csv_filename="device_data.csv"

##################################################
# End: User defined variables
##################################################

# Read device_data.csv from the current directory
# csv.DictReader reads the first row as a header row and stores the column headings as keys
device_data = csv.DictReader(open(csv_filename))

# Loops through the device_data csv so we can perform actions for each row
for row in device_data:
    # Stores the contents of each "cell" as the value for the column header
    # key : value pair

    # The below example will print the value of the location column for the current row.
    # print row["location"]
    data = row
   
    # creates a filename variable for the template configuration based on the store in the CSV
    conffilename =  conf_path + row["location"] + ".txt";

    # Open the store config Jinja2 template file.
    with open("panorama_conf_template.j2") as t_fh:
        t_format = t_fh.read()

    # Set it up as a template
    template = Template(t_format)

    # Create the .txt file
    fout = open(conffilename, 'w')
    print fout

    # Write the conf file with the template and data from the current row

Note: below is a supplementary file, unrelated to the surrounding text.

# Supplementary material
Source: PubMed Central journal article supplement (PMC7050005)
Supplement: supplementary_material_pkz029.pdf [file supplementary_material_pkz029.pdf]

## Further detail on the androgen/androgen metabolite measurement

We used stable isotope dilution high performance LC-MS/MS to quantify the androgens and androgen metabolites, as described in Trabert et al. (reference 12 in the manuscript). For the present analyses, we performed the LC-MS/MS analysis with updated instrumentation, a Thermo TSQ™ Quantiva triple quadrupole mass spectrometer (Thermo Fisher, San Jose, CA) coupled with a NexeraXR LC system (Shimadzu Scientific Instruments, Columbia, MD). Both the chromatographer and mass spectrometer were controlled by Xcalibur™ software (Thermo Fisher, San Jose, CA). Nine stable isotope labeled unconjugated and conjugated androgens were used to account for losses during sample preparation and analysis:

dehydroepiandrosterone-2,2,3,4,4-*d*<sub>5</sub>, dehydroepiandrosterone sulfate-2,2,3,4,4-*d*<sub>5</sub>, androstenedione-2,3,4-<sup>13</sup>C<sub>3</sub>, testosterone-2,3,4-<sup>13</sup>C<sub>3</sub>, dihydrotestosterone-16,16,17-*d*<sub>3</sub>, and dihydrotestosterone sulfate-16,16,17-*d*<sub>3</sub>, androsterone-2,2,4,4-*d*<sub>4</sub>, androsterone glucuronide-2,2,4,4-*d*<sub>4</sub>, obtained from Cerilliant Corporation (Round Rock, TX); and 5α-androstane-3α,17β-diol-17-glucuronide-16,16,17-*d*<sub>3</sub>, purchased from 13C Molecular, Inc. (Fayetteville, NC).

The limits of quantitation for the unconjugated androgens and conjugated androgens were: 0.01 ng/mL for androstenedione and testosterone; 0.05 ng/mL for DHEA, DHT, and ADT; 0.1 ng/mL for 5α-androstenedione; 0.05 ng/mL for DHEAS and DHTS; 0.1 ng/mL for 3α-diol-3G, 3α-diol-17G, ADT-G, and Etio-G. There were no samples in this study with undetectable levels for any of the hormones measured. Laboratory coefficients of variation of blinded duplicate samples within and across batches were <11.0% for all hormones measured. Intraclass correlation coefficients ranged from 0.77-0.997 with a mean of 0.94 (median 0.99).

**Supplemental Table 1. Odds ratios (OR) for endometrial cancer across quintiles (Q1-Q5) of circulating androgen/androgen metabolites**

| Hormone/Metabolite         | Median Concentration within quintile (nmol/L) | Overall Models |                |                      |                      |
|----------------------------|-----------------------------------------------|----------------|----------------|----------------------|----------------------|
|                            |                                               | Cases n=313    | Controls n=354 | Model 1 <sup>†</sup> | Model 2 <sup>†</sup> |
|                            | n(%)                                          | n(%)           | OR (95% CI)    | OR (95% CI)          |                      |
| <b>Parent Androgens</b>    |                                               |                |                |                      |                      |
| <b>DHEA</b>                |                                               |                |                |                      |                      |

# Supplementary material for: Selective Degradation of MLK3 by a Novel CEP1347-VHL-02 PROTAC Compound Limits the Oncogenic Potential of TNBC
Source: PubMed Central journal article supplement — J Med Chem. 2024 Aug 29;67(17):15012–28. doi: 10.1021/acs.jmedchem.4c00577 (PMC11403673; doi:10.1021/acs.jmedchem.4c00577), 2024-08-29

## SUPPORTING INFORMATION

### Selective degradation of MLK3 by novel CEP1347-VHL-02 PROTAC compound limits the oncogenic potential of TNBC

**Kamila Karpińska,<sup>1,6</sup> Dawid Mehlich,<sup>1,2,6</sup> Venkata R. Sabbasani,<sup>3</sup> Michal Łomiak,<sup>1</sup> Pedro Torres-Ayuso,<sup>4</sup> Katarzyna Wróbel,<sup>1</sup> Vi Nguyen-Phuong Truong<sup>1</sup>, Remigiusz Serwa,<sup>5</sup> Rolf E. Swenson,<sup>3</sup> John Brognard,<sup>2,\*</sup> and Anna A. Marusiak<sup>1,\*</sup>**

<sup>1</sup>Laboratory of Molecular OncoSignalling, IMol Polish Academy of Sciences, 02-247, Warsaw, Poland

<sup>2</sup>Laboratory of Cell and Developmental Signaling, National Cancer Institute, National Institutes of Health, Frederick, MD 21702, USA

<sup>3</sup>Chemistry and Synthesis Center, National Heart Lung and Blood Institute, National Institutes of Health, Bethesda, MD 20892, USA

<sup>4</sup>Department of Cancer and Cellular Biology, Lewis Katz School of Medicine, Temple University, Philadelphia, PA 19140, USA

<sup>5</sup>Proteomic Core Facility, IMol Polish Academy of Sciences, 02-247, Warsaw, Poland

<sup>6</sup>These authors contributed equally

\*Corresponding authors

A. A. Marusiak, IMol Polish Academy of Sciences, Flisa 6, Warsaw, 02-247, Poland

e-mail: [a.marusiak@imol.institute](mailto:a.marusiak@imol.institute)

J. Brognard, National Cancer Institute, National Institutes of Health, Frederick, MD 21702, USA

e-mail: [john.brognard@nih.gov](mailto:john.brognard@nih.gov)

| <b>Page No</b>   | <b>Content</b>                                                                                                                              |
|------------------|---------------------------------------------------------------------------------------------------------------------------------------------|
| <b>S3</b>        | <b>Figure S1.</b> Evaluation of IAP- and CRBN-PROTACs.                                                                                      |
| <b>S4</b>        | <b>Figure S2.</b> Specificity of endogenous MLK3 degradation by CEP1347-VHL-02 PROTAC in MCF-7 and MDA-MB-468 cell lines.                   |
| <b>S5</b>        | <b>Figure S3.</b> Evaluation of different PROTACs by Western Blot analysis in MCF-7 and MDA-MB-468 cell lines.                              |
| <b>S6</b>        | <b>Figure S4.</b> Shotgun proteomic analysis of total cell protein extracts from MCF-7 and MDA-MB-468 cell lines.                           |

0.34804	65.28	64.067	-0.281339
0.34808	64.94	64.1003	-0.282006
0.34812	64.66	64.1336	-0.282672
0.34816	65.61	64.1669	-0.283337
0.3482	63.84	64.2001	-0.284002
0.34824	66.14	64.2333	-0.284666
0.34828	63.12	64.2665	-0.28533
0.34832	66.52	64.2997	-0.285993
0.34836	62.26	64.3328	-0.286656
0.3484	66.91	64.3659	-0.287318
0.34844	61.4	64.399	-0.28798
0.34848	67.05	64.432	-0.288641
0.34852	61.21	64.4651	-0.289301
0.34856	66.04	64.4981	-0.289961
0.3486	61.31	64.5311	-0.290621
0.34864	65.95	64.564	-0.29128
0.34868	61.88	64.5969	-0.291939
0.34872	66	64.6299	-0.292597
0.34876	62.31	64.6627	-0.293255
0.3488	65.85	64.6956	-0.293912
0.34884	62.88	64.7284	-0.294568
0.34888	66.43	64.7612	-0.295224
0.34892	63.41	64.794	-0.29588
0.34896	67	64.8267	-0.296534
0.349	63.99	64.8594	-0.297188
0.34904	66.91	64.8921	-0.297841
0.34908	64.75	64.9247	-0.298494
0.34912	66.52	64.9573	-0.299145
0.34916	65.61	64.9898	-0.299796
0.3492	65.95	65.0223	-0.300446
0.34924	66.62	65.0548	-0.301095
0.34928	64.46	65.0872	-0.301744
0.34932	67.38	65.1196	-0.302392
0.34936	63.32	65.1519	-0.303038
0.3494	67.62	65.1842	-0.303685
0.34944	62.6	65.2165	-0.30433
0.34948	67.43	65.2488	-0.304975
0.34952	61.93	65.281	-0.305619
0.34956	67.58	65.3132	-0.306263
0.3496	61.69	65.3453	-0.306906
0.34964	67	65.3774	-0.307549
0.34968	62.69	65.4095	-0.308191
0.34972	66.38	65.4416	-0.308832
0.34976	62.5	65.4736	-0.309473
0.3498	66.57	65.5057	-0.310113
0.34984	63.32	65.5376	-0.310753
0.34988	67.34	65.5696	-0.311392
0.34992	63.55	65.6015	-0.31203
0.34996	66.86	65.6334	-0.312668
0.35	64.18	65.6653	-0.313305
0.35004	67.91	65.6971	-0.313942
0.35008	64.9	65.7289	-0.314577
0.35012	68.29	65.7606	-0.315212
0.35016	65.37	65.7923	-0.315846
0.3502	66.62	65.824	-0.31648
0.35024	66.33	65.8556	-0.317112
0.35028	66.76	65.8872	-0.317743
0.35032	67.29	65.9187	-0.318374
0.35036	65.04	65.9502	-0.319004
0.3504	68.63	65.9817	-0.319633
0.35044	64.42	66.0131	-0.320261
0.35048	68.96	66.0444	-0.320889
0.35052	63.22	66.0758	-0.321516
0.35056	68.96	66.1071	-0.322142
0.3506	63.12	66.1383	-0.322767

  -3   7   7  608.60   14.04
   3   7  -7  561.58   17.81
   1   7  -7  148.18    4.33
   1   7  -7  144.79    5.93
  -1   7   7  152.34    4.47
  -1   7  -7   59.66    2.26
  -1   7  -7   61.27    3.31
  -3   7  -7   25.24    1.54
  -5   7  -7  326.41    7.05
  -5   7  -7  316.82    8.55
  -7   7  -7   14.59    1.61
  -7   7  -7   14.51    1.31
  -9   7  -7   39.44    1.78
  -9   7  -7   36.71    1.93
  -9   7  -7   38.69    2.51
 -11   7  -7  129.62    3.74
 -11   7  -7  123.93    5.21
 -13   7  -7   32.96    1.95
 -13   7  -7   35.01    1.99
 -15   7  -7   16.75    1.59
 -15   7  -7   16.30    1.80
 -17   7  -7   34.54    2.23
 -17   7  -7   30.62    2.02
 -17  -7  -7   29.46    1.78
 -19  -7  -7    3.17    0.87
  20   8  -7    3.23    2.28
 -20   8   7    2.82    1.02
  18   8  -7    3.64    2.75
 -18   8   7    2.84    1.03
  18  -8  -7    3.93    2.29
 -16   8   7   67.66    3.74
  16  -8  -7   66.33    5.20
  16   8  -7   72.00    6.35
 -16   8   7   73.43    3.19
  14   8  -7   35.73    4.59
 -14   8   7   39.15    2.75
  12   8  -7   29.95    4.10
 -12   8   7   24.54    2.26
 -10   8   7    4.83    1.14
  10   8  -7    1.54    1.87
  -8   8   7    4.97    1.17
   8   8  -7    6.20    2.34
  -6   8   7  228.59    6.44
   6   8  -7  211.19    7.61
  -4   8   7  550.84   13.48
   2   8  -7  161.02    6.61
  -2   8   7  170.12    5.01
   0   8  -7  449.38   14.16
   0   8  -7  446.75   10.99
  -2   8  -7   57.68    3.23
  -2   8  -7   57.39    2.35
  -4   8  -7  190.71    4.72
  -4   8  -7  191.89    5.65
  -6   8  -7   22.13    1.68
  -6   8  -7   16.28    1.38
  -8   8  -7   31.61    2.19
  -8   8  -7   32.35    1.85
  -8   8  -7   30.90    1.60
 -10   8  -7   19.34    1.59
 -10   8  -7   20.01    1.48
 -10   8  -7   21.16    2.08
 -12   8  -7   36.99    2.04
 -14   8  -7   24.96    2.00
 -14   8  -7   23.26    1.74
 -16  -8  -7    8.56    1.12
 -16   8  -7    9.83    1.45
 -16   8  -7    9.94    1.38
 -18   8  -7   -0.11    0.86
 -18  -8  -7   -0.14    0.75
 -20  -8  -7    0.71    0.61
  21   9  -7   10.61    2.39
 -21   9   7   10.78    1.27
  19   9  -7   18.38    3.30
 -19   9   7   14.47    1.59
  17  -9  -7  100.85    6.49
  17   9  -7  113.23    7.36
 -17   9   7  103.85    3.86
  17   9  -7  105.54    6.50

# Performs a "search and replace"
    fout.write((template.render(data)))
    fout.close()

    # Print to SDOUT   
    #print (template2.render(data))

# finds all files ending in .txt and combines them into a single config file
read_files = glob.glob("*.txt")

with open("config_script.conf", "wb") as outfile:
    for f in read_files:
        with open(f, "rb") as infile:
            outfile.write(infile.read())

# deletes all .txt files as they are not needed once they are combined into the config file
filelist = glob.glob("*.txt")
for f in filelist:
    os.remove(f)

print "Good bye!"
Result:

Executing the script will result in the creation of the "config_script.conf" file which contains the following configuration data that can be entered (copy/paste) via SSH in Panorama:

set template California config shared log-settings syslog syslog-profile server syslog-1 transport UDP port 514 format BSD server 1.1.1.1 facility LOG_USER
set template Texas config shared log-settings syslog syslog-profile server syslog-1 transport UDP port 514 format BSD server 1.1.1.1 facility LOG_USER
set template New York config shared log-settings syslog syslog-profile server syslog-1 transport UDP port 514 format BSD server 1.1.1.1 facility LOG_USER
set template Florida config shared log-settings syslog syslog-profile server syslog-1 transport UDP port 514 format BSD server 1.1.1.1 facility LOG_USER
set template Germany config shared log-settings syslog syslog-profile server syslog-1 transport UDP port 514 format BSD server 1.1.1.1 facility LOG_USER
set template Hong Kong config shared log-settings syslog syslog-profile server syslog-1 transport UDP port 514 format BSD server 1.1.1.1 facility LOG_USER
set template Beijing config shared log-settings syslog syslog-profile server syslog-1 transport UDP port 514 format BSD server 1.1.1.1 facility LOG_USER

Hopefully this is helpful to other engineers that want to save some time. This could be applied to really any configuration data that you are trying to automate.

1 comment: